Martech Series

Three Takeaways for Marketing Leaders from the Marketing Nation Summit 2017

By Adam Weinroth

Marketo’s Marketing Nation Summit, the place where marketers from around the world gather to partake in conversation and community around generating demand, building stronger customer relationships and transforming marketing from a once instinctual, creatively driven craft, to a data-driven blend of art and science.

But looking beyond the tony keynotes, endless practitioner workshops and the sea of purple swag, here are three important themes that any marketer would do well to understand and pursue —


Increasingly in the age of infinite digital choice and complete control, your prospects and customers expect relevant experiences at every touchpoint in their respective journeys. The brands that deliver on that expectation are the ones who stand the greatest chance of capturing their interest, engaging them and potentially earning their business—and ultimately their loyalty. This means there’s a greater need more than ever to understand what customers and prospects are doing, where they’re congregating, what they care about at the individual level and how they prefer to interact.

It’s about more than just half-hearted attempts at personalization; it’s about understanding how they navigate the digital landscape and being able to deliver a dynamic, personally relevant experience from end to end

As anyone can see walking the tradeshow floor, there’s an unlimited number of tools, technologies, and techniques that can help. However, the most important ingredients are mindset and “obsession” around understanding customers, listening carefully to what the data is telling us and equipping ourselves to make marketing programs personally relevant at scale.


We all know that no prospect and/or customer ever asked to be marketed to, and now they have the choice and control more than ever. So, what’s the shift in marketing that needs to take place to reach the high bar of earning attention and engagement? It has to do less with promoting features, benefits and generic offers and far more to do with telling stories that tap into their interests and experiences.

Tapping into customer and prospect data to deliver the right stories, at the right moment, in the right channels is what combining the art and science of marketing is all about

The best marketers are using storytelling to paint a picture of getting to a better place; that means examining customer and prospect problems through their eyes and building a narrative about reaching an ideal state (and the brand’s role in enabling that ideal state). It means more than just case studies and testimonial quotes. It also means striving for authenticity and taking a little more time to explain the context, what happened, why it happened, how the challenge or problem was overcome and what happened next.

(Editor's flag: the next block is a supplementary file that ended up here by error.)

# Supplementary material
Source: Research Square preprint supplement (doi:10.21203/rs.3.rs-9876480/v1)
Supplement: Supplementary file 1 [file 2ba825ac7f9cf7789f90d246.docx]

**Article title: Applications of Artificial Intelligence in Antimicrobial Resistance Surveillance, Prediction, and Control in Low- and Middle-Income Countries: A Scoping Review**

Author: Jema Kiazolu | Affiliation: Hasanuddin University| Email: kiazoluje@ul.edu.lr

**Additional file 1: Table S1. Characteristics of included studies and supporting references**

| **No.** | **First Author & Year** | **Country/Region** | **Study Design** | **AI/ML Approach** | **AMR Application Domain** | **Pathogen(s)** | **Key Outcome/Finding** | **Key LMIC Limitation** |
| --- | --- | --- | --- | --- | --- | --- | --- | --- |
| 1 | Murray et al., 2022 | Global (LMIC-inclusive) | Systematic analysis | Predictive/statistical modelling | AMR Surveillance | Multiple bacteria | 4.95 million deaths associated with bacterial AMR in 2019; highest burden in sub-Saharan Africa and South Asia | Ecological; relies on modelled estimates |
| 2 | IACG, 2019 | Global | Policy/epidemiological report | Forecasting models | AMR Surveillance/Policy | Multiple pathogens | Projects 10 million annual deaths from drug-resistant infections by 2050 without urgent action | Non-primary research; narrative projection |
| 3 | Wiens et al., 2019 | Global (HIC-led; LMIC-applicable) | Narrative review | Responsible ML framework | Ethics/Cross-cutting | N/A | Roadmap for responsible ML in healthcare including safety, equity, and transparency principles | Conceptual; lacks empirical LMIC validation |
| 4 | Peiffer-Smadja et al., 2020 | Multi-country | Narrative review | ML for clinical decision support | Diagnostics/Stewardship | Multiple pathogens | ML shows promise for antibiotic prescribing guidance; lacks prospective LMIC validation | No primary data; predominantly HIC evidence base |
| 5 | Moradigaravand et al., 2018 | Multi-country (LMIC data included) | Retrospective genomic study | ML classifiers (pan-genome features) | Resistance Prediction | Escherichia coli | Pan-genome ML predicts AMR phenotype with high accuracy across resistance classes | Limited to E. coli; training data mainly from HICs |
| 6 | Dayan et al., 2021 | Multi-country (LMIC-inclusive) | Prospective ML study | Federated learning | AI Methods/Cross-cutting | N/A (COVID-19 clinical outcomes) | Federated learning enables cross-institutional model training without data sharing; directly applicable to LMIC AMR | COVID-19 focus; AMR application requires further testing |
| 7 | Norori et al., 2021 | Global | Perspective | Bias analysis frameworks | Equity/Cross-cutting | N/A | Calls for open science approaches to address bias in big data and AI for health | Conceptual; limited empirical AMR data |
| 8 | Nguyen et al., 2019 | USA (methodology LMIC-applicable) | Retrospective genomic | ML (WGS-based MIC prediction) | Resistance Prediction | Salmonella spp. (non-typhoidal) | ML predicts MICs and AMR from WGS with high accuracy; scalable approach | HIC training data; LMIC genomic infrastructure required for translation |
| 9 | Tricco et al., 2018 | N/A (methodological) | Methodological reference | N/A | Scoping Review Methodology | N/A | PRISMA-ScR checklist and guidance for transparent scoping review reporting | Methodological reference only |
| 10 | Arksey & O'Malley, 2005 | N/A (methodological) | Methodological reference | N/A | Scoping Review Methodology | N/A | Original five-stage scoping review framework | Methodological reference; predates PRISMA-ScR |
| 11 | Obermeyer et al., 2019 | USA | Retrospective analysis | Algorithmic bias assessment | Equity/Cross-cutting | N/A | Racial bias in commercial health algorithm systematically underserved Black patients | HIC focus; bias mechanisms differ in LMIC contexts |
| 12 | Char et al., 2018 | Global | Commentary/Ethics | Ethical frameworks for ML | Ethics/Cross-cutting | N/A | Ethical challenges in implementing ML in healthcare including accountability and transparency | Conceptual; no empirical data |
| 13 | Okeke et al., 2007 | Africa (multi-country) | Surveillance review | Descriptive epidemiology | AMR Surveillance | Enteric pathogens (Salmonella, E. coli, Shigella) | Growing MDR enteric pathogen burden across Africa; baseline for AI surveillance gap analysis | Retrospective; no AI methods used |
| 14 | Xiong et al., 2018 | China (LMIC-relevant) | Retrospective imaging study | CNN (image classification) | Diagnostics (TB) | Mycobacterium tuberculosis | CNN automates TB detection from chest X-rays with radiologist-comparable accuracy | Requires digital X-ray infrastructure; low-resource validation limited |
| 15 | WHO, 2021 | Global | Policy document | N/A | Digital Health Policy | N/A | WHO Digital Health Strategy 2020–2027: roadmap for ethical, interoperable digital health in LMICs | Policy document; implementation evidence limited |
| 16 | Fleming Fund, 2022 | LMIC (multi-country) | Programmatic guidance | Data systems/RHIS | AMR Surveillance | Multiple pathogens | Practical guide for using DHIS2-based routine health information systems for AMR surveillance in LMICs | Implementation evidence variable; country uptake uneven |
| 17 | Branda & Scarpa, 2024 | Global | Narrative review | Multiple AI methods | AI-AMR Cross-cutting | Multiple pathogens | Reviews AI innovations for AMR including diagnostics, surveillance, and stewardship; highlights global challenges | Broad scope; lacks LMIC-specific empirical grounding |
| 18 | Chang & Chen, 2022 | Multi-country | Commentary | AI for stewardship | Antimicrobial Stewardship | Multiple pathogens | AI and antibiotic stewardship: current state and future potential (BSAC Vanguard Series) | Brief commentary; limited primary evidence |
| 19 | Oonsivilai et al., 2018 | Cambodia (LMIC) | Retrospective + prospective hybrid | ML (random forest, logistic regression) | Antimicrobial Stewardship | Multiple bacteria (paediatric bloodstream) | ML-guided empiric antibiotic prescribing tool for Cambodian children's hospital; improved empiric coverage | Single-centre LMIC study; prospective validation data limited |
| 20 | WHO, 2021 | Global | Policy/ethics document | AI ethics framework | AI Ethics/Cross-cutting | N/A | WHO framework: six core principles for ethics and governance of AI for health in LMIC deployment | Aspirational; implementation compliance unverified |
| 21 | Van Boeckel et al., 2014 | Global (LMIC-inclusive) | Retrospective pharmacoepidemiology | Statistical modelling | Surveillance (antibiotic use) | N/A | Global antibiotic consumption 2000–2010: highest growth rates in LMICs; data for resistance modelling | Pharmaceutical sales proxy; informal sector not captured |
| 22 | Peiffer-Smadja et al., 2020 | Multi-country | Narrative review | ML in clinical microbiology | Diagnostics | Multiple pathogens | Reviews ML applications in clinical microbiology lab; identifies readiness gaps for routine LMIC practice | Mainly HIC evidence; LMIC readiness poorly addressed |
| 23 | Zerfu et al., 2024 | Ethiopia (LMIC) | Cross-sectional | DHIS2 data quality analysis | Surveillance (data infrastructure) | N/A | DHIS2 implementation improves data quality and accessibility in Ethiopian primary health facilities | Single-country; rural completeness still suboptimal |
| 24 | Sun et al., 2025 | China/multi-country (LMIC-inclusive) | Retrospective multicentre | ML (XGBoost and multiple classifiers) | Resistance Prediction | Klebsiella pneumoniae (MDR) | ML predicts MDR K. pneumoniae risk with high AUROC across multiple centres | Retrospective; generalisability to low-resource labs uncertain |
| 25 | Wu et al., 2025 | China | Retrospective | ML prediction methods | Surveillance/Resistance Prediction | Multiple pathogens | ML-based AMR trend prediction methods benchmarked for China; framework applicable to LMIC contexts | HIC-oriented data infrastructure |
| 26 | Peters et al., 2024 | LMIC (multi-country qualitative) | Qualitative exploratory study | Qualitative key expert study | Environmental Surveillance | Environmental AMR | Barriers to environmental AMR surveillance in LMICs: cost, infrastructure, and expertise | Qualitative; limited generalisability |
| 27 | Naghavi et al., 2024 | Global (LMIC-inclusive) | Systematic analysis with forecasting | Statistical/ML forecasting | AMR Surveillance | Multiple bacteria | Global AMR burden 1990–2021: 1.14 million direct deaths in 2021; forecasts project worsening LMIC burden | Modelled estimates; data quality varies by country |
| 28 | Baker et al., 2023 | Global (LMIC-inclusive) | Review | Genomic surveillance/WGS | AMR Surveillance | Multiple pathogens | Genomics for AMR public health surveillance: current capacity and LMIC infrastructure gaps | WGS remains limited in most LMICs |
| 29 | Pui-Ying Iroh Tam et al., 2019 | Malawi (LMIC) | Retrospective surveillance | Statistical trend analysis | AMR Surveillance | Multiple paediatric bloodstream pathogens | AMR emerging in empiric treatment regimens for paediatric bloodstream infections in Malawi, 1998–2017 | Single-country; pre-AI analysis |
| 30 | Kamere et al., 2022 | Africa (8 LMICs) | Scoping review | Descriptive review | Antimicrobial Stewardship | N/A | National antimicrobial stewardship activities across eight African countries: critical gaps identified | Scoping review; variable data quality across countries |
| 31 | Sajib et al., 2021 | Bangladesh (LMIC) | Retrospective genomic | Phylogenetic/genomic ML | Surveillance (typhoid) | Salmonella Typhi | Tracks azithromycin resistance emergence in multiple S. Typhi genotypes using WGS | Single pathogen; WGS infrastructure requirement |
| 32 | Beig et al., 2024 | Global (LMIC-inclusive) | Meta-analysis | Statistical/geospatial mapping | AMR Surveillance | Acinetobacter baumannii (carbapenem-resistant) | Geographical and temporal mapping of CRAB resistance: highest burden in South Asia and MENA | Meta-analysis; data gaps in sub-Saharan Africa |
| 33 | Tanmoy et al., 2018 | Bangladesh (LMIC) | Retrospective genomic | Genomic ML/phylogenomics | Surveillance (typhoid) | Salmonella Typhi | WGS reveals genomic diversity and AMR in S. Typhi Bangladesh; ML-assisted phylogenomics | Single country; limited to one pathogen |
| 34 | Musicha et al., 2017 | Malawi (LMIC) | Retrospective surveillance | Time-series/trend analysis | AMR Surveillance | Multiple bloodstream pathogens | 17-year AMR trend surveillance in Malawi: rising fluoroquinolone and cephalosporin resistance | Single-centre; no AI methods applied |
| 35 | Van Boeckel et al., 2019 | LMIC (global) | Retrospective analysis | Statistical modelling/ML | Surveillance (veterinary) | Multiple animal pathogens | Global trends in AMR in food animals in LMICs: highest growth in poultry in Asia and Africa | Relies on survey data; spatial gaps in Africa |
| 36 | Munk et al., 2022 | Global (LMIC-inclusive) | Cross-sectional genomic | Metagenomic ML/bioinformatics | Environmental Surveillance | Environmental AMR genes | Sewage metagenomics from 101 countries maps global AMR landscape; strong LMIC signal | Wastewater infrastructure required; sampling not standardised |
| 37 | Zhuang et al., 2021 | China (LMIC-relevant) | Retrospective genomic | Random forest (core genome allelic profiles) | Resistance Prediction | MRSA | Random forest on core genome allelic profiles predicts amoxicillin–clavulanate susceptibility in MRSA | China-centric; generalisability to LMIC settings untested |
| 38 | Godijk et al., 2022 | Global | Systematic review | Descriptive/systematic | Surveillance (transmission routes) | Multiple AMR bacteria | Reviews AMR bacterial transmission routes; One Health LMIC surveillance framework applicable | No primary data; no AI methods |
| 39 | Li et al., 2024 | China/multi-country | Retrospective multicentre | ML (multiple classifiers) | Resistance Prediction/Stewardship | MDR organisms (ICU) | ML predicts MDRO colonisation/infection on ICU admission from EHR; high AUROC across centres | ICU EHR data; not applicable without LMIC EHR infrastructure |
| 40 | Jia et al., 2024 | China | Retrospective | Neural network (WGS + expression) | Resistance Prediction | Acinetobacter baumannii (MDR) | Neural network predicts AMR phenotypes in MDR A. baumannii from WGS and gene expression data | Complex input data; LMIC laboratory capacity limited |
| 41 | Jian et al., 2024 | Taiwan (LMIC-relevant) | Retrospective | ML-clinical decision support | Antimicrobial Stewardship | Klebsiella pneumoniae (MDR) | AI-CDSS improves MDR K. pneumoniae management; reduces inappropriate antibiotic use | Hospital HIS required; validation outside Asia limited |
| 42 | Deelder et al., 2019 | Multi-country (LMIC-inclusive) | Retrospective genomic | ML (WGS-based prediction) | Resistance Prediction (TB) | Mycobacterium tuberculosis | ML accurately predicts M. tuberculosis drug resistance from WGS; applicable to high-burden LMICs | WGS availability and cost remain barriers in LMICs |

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And that authenticity isn’t a substitute for the data-driven marketing we’ve all been striving for–it needs to dovetail with data. Tapping into customer and prospect data to deliver the right stories, at the right moment, in the right channels is what combining the art and science of marketing is all about.


As new practices and innovations in marketing have emerged—driven by a surge of new digital channels, devices and behavioral changes over the last decade or so—there are some fairly distinct silos that have also emerged within marketing. There’s been a need to drive more specialization into marketing—for good reason—but the natural consequence is a marketing effort that may be showing some signs of fragmentation.

View image on TwitterIncreasingly, the people who handle demand generation aren’t the same people who look after the brand. The folks who handle PR and communications very often are not the same people who do sales enablement. As we reach the point of having a full set of tools, technology, and data to leverage, it’s more important than ever to examine how we can start to bring our own internal marketing teams back together.

How can we better connect what’s happening in product marketing with the data we get from our CRM? How can we help the PR team make better use of outreach campaign data? Questions like these can help not just marketers, but marketing teams reach better results and deliver a more integrated experience. 

Whether you’re roaming the halls of Moscone here in San Francisco this week—or toiling away on the real marketing work back home—keep these three tenets in mind as you go forth and market. Your customers and prospects are ready for the best experience you can give them—and they’ll reward your teams and your business handsomely for a job well done.

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